The management of pediatric urinary stone disease is tailored to the individual patient’s age, stone characteristics, underlying risk factors, and clinical presentation. Small, asymptomatic stones may be managed conservatively with dietary modifications, increased fluid intake, and pain management. Close monitoring with serial imaging and metabolic evaluation is essential to assess stone stability and prevent disease progression. Pharmacological interventions such as potassium citrate, thiazide diuretics, and allopurinol may  be prescribed to address specific metabolic abnormalities and reduce stone recurrence. Medical expulsive therapy with alpha-blockers may be considered for facilitating stone passage in select cases. Surgical intervention may be indicated for large, symptomatic stones, obstructing stones, or stones associated with complications such as urinary tract infection or renal impairment. Surgical options include Shock Wave Lithotripsy (SWL), Ureteroscopy (URS), Percutaneous Nephrolithotomy (PCNL), and open surgical stone removal, depending on stone size, location, and complexity.

Minimally invasive endoscopic procedures such as URS and laser lithotripsy have become increasingly popular for the management of pediatric urinary stones, offering high success rates and shorter recovery times compared to traditional surgical approaches. These techniques allow for direct visualization and fragmentation of stones within the urinary tract, minimizing the need for open surgery. Preventive measures play a crucial role in reducing the risk of stone recurrence and improving long-term outcomes in children with urinary stone disease. Encouraging children to follow a balanced diet rich in fruits, vegetables, and whole grains while limiting intake of salt, animal protein, and oxalate- rich foods can help prevent stone formation. Adequate fluid intake is essential for maintaining urinary dilution and preventing stone formation. Children should be encouraged to drink plenty of fluids, especially water, throughout the day to achieve optimal hydration.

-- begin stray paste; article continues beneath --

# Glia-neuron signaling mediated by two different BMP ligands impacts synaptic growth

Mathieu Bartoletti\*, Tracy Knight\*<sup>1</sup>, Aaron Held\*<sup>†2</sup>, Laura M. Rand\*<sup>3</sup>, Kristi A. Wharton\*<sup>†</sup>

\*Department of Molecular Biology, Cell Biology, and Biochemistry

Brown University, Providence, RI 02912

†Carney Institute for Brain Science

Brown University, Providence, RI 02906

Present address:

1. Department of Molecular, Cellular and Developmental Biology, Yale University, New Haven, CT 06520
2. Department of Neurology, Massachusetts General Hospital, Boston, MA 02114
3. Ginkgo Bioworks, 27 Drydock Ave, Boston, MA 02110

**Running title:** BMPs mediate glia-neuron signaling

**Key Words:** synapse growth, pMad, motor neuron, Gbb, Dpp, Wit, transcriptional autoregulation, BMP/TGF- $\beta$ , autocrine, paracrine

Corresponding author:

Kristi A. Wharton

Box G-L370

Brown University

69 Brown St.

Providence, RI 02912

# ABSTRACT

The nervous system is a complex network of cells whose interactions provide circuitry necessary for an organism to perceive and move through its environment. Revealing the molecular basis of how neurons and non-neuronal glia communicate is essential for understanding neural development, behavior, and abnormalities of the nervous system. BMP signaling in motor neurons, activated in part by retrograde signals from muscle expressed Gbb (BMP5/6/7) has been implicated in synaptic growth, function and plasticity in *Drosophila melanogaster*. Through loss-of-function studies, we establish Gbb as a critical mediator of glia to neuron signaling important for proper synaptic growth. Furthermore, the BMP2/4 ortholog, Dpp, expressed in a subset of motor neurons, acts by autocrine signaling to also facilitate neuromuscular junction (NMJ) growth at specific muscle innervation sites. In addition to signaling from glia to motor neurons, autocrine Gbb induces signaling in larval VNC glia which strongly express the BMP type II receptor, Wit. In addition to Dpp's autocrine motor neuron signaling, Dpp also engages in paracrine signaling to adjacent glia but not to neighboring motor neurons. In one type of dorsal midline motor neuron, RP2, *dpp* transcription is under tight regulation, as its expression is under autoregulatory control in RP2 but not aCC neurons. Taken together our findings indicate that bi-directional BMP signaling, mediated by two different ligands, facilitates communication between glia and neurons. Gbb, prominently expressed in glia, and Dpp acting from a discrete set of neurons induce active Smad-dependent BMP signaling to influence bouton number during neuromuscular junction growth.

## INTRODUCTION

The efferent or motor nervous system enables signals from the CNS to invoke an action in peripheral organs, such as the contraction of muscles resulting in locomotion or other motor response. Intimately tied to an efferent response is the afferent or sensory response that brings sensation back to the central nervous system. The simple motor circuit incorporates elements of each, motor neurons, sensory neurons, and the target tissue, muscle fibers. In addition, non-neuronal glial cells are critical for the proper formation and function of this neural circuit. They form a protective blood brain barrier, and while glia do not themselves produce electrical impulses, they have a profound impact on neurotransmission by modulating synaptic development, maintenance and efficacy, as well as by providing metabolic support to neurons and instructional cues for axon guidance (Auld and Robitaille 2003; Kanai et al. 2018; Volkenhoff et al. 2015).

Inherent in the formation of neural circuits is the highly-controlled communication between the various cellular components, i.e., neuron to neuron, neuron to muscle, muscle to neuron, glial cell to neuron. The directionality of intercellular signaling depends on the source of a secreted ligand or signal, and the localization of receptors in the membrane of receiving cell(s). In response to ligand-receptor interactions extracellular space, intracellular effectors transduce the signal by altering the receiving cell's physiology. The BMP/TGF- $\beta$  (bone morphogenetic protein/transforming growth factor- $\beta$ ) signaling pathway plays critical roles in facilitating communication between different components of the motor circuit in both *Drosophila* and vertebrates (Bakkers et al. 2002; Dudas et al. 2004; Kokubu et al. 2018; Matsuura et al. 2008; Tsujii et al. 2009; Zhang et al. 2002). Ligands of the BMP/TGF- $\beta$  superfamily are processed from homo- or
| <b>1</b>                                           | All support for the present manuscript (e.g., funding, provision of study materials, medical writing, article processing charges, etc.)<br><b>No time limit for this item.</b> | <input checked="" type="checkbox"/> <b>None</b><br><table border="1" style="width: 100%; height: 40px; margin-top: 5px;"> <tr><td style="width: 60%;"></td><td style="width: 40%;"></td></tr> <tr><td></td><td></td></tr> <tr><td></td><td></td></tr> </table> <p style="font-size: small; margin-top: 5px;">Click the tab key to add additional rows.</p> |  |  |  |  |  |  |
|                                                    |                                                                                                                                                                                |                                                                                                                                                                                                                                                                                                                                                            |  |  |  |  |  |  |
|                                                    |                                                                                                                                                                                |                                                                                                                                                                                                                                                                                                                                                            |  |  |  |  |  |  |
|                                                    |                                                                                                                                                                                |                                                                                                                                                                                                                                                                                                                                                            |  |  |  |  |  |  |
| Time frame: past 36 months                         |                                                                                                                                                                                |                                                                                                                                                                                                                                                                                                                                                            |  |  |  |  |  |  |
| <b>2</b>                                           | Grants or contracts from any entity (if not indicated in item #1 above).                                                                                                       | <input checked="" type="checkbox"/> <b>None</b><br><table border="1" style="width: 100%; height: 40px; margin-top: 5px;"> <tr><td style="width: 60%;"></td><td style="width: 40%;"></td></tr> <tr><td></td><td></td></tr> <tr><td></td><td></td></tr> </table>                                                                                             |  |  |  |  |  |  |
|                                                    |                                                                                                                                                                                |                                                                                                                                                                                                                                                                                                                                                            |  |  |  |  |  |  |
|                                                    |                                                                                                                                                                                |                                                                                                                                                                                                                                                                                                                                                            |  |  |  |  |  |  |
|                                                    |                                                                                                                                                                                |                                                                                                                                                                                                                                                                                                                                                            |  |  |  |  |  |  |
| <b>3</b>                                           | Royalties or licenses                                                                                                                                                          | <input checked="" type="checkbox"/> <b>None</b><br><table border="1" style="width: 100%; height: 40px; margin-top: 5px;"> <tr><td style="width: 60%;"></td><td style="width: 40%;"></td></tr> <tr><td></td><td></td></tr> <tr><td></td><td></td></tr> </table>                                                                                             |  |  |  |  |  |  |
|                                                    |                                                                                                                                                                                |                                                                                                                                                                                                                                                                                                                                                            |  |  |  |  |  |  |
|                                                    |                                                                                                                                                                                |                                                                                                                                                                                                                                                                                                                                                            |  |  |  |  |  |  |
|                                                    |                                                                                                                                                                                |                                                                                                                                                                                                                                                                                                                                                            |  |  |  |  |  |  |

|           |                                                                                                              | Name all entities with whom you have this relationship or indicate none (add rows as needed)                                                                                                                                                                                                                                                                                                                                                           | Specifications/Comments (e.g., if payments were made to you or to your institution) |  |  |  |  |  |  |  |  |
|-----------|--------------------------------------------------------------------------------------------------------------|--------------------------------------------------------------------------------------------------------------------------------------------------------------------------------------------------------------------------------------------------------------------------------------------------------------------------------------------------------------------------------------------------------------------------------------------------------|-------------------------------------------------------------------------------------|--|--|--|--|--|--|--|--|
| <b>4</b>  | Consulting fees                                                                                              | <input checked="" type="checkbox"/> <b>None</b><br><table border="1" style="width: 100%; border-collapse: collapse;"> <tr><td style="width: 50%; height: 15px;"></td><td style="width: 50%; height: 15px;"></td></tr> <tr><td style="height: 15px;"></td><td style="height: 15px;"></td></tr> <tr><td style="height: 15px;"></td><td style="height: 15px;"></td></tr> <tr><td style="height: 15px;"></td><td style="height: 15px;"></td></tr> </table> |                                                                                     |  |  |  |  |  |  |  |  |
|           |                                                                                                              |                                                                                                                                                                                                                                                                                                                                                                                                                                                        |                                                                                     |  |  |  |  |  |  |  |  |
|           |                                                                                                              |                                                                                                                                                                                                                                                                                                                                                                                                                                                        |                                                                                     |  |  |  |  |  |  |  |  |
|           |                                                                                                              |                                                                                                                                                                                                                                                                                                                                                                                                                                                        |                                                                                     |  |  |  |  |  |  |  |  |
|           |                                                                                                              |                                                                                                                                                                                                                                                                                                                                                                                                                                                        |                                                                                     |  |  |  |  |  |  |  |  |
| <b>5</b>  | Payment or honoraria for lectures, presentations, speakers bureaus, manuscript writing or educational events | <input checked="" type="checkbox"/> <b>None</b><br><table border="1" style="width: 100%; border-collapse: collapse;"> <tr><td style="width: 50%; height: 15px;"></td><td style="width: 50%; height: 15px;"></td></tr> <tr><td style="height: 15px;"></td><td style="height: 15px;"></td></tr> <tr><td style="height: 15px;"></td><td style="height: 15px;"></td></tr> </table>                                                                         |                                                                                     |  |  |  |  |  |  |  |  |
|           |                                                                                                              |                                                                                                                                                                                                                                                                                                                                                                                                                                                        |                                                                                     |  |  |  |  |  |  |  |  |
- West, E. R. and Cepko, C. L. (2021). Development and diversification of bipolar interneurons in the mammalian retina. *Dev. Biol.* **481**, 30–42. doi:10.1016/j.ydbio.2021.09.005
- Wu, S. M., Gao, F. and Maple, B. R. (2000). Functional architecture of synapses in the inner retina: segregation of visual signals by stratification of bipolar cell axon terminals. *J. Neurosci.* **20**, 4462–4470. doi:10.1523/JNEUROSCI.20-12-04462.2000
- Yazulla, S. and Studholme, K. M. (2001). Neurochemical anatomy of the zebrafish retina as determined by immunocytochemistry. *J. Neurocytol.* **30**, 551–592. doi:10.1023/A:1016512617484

In conclusion, pediatric urinary stone disease poses a significant clinical challenge due to its complex etiology, diverse presentation, and potential for recurrence. Progressive strategies for understanding and managing urinary stone disease in children encompass a multidisciplinary approach involving urologists, nephrologists, pediatricians, and dietitians. By integrating advances in diagnostic modalities, treatment options, and preventive measures, healthcare providers can optimize outcomes and improve the quality of life for children affected by urinary stone disease. Continued research efforts and collaboration are essential to address remaining gaps in knowledge and further enhance the care of pediatric patients with urinary stone disease.

Author Info

Grady Jake*
Department of Urology, University of Canberra, Canberra, Australia

Received: 29-Mar-2024, Manuscript No. PUCR-24-132335; , Pre QC No. PUCR-24-132335; Editor assigned: 01-Apr-2024, Pre QC No. PUCR-24-132335; Reviewed: 15-Apr-2024, QC No. PUCR-24-132335; Revised: 22-Apr-2024, Manuscript No. PUCR-24-132335; Published: 29-Apr-2024, DOI: 10.14534/j-pucr.20222675648

Copyright: This is an open access article distributed under the terms of the Creative Commons Attribution License, which permits unrestricted use, distribution, and reproduction in any medium, provided the original work is properly cited.